Figure 4 – Traditional data and alternative data comparison
The use of alternative data not only improves the robustness of the scorecard model but also enables banks to assess the creditworthiness of untapped customer segments. This helps to extend financial services to the two billion unbanked adults globally.
With alternative data, retail banks are also able to develop more scorecards, such as income scores, propensity scores and marketing scores. These further help banks decide to whom to lend their money, how much to lend, in what time frame and through what channels.
Some FinTech firms and digital financial service providers have taken the initiative to make use of alternative data sources for credit scoring. Credit bureaus, such as Experian, can now add rent payment history to their credit scoring algorithms thanks to a tool developed by the UK PropTech firm CreditLadder. Lenddo,a software business in Singapore, has incorporated social media and mobile phone data to assess clients’ credit levels. By aggregating data from SMS footprints, electronic devices, emails and credit bureau reports, among others, Algo360, an alternative credit score solution provider, helps new-to-credit customers get loans. Small FinTech companies have used smartphone activity, including calls, GPS data and contact information, to execute credit scoring in microfinance. As alternative data accumulates, the output from predictive models is likely to become more reliable and accurate over time.
Alternative data is not only beneficial when credit scoring individuals, but also in the case of SMEs. Banks commonly consider SMEs to be high-risk clients since information about them is limited, causing difficulty in evaluating their creditworthiness. Because of the intrinsic qualities mentioned previously, alternative data, in conjunction with traditional data sources, will help to build a more comprehensive profile of SMEs, allowing lenders to make better decisions. Digital SME lenders (e.g. Kabbage, an Atlanta-based FinTech company) are making wide use of alternative data such as bank account money flows and balances, business accounting, social media, real-time sales, payments, trading, logistics, and credit reporting service provider data, as well as various other private and public sources of data, to improve risk assessment and to tap into a large market of underserved SMEs.
Moreover, the value of data can be further ‘mined’ if combined with AI and machine learning techniques, which brings us to the second major trend in the digital transformation of retail banking: AI and machine learning in modelling.
Trend two: AI and machine learning in modelling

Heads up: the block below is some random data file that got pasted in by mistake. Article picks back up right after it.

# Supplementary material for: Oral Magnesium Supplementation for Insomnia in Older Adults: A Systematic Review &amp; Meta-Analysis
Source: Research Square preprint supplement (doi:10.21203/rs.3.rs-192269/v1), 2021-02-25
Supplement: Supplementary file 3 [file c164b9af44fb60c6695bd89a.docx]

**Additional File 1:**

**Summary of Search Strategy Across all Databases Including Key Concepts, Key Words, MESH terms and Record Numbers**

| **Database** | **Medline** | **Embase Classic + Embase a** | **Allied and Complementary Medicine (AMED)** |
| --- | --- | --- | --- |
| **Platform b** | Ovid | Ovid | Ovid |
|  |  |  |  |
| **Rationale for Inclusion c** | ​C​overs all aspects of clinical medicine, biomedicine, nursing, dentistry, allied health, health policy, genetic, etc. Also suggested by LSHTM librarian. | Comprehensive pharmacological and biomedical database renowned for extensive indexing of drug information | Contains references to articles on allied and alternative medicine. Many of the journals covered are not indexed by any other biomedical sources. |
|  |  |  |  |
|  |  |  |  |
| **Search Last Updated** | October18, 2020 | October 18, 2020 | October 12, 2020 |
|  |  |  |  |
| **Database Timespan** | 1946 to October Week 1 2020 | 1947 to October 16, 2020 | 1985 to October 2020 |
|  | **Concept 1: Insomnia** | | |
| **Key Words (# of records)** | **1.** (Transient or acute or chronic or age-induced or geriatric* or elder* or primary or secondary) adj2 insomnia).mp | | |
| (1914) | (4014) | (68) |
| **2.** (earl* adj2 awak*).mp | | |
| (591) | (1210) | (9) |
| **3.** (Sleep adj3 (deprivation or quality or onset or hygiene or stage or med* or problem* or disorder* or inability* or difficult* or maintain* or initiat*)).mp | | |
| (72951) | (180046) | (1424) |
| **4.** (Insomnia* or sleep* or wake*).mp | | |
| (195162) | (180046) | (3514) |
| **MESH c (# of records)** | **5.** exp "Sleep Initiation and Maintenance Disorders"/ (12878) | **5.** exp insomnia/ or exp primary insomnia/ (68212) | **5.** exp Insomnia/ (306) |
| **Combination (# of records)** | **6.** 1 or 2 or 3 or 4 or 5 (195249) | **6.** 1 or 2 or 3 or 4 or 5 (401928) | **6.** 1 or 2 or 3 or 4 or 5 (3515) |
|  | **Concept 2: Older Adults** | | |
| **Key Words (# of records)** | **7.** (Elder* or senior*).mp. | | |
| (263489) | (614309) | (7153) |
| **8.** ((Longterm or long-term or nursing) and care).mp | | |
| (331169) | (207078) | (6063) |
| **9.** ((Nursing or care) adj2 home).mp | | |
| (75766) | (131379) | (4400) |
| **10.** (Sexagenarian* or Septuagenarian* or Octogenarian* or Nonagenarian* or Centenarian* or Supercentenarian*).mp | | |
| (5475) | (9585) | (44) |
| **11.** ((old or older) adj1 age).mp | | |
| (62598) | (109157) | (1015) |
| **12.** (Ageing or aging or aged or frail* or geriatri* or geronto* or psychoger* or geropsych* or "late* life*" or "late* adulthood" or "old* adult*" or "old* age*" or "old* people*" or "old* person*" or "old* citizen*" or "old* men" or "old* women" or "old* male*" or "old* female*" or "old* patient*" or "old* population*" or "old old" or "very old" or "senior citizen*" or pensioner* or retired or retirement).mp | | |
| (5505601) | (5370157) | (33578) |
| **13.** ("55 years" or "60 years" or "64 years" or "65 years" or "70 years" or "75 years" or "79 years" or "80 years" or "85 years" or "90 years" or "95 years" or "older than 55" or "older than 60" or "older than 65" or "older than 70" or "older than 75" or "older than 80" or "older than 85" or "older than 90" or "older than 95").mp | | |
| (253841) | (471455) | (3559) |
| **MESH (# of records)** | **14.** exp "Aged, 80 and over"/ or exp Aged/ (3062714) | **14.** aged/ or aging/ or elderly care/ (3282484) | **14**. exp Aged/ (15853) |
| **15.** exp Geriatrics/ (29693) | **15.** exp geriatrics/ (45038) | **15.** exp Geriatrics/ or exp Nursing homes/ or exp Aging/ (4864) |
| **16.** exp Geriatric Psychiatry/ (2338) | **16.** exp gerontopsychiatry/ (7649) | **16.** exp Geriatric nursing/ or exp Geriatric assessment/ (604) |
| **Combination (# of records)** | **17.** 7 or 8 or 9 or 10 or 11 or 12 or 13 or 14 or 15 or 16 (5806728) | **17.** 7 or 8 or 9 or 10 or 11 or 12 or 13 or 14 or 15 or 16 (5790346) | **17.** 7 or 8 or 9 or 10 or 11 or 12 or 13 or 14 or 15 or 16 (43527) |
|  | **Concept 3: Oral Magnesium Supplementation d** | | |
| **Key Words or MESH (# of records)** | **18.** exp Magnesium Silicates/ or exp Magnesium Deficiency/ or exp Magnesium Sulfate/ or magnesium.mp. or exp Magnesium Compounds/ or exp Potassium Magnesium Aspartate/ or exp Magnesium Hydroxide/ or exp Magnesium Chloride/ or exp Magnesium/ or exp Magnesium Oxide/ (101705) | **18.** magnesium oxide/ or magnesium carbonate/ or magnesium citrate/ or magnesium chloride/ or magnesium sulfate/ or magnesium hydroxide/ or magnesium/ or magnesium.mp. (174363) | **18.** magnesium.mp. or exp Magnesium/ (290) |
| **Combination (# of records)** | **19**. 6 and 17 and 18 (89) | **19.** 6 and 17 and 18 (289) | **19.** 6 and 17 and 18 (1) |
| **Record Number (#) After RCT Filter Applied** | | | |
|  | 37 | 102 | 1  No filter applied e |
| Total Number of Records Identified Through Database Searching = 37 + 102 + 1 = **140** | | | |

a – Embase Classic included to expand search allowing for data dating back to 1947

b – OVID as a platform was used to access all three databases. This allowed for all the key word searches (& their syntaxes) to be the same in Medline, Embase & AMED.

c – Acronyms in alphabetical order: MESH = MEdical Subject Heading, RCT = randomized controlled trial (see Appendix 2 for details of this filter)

Retail banking is one of the industries where the use of artificial intelligence (AI) and machine learning (ML) has become widespread. We have talked about the tremendous potential of data, and we believe that these new techniques are well placed to assist in unleashing this potential, particularly when it comes to credit decisioning.
Machine learning can be applied to strengthen traditional logistic regression credit scoring or a solely ML-based model can be developed for credit scoring. Below we highlight some ML techniques that can be applied by banks when developing their credit scoring systems.
Figure 5 – Common machine learning analytics applied for credit scoring system development
An ML-based model would have several advantages over a logistic regression model. First, it can capture the non-linear nature of risk factors, and thus if trained appropriately, can possess higher predictive power. Second, it is agile and dynamic enough to perform the timely assessment of customer credit quality based on greater amounts of relevant and recent data. Third, the model can be highly automated and self-improving, thereby lowering ongoing operational costs.
Higher predictive power
ML-based models are trained with much more data than their traditional counterparts. These include both traditional data and alternative data as discussed above. While traditional models are not designed to discover complicated relationships between large amounts of data, ML-based models are much stronger in this area. As such, it would not be surprising to see that ML-based models are more predictive than traditional models.
More agile and dynamic
ML-based models are continuously trained with the most up-to-date data, so that they are able to perform real-time assessments of customer creditworthiness. This allows the models to provide rapid feedback to model users for credit approval and other decision-making processes. Due to their agility, ML-based models are also more customer-centric and offer smoother assessments of customer creditworthiness. As a result, greater financial inclusion is possible.
Figure 6 – Risk assessment over time – ML model vs traditional model
ML-based models are designed to be self-improving over time and thus highly automated. Traditional models require users to recalibrate them (e.g. on a yearly basis) and redevelop them (e.g. every few years). ML-based models are able to update themselves based on updated data feeds. As such, operational costs for ML-based models are lower, especially in the long term.